A video posted today by the Obama campaign shows the president tearing up while thanking staff and volunteers. He tells the crowd of twenty-somethings: "You're smarter [than me], you're better organized, you're more effective. So I'm absolutely confident that all of you are going to do just amazing things in your lives." 

Watch here:

Here is the most depressing thing I've read today:

Seven minutes into the first presidential debate, the mood turned from tense to grim inside the room at the University of Denver where Obama staff members were following the encounter....“We are getting bombed on Twitter,” announced Stephanie Cutter, a deputy campaign manager, while tracking the early postings by political analysts and journalists whom the Obama campaign viewed as critical in setting debate perceptions.

....Mr. Obama, who had dismissed warnings about being caught off guard in the debate, told his advisers that he would now accept and deploy the prewritten attack lines that he had sniffed at earlier. “If I give up a couple of points of likability and come across as snarky, so be it,” Mr. Obama told his staff.

I understand the political realities as well as anyone. But the idea that the President of the United States was forced to respond to poor reviews on Twitter (!) by promising to memorize attack zingers is pretty deflating. I know this is actually perfectly rational under the circumstances, but I still hate having my nose rubbed in how dumb our political discourse makes us sometimes.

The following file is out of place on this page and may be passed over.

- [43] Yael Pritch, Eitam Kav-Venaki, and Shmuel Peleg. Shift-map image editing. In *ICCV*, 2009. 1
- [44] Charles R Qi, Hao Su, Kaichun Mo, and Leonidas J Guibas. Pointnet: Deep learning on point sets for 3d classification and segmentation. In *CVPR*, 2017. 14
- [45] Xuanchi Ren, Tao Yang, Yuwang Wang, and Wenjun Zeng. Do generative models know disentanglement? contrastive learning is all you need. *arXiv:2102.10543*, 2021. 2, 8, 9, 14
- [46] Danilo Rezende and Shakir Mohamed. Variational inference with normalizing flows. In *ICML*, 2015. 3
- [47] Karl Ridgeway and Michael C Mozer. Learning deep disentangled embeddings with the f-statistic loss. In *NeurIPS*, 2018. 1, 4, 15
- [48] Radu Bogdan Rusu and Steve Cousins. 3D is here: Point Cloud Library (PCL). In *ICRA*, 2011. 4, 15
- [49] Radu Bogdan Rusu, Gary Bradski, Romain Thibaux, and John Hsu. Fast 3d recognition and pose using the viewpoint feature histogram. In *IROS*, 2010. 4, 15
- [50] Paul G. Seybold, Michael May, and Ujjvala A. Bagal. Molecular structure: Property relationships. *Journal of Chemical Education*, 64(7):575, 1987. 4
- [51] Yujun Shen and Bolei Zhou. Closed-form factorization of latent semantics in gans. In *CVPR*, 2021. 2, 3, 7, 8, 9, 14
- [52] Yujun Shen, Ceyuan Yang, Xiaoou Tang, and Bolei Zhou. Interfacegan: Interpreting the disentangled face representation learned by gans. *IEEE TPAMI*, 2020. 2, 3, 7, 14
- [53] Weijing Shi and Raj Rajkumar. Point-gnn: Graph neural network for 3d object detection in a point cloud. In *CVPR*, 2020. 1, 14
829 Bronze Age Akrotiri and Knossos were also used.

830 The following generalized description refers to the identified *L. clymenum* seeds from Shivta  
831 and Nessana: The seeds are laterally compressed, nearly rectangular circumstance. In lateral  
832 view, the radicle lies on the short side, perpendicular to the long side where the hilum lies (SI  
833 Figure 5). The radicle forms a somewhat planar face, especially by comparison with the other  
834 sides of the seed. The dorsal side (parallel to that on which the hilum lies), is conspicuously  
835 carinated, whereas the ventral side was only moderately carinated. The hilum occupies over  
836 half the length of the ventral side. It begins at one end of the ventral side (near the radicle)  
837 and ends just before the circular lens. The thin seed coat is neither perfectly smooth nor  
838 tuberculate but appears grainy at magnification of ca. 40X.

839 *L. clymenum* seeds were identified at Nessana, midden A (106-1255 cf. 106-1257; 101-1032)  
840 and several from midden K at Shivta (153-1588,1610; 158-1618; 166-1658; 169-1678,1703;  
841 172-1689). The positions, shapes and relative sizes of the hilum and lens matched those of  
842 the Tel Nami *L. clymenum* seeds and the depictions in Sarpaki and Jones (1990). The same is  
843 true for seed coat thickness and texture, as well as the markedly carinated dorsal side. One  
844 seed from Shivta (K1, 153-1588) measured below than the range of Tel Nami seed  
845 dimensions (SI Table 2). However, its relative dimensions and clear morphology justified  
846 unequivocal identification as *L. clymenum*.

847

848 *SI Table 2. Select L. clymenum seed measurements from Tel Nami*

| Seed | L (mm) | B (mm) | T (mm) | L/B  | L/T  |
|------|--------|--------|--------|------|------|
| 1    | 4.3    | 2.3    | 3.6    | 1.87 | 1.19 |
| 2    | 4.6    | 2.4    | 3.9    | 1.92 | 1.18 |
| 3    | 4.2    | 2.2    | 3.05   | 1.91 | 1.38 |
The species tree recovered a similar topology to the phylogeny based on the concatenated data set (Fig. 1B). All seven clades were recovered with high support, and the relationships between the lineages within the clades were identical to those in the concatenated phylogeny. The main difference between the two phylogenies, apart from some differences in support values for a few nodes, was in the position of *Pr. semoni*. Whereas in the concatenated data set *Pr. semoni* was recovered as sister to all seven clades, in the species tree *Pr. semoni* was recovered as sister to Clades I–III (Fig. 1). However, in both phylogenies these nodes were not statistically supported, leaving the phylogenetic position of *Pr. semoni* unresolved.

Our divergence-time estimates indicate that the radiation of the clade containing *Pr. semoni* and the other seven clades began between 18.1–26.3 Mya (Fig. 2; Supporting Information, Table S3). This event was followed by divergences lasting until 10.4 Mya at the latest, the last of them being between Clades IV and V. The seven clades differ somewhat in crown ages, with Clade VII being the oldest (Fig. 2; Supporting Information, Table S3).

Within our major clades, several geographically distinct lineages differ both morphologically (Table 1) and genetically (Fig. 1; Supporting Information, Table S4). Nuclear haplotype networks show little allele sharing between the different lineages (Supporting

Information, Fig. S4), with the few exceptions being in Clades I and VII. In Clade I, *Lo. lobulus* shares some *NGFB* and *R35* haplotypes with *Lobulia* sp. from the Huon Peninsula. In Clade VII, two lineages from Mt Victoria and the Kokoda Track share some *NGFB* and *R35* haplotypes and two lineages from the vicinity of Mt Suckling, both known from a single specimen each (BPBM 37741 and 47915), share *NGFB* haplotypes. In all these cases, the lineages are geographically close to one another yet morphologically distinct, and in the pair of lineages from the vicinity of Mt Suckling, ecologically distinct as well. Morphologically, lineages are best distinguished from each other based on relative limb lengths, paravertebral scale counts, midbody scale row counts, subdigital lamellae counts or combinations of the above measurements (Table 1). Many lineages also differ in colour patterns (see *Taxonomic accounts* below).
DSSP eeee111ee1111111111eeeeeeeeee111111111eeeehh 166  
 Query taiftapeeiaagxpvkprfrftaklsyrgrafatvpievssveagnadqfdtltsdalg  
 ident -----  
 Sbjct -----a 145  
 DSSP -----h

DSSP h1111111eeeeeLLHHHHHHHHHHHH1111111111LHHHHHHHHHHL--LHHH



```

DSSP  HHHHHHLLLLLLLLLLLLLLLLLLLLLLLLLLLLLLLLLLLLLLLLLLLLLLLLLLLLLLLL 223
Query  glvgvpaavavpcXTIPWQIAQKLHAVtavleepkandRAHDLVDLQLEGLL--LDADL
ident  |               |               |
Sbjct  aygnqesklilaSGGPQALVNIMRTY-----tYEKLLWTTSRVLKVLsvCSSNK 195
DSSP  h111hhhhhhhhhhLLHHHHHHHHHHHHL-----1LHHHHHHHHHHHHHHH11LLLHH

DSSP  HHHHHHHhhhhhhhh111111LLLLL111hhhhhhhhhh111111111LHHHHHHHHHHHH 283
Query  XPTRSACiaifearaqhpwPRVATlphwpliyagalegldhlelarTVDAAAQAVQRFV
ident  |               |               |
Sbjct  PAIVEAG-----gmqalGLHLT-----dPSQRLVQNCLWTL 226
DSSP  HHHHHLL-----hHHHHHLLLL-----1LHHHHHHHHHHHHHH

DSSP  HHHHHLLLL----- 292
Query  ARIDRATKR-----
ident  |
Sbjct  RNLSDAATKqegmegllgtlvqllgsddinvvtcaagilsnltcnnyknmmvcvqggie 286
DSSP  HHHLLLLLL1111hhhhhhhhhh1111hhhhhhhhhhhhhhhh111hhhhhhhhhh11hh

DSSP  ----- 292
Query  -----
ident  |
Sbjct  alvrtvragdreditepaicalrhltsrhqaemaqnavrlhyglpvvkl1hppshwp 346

And speaking of that, have I mentioned before that I've always felt kind of sorry for Mitt Romney? Aside from the fact that he's rather more comfortable with transparent lies than I am, he actually seems like a decent guy with decent instincts. Sure, he wanted to be president really, really badly, but lots of people want to be president a little too eagerly for comfort. It's an occupational hazard of the office. Unfortunately for Romney, he happened to want to be president in an era when the Republican base forced him to embrace lunacy in order to win their support. So he did what any good businessman would do: he gave the customers what they wanted. And lost.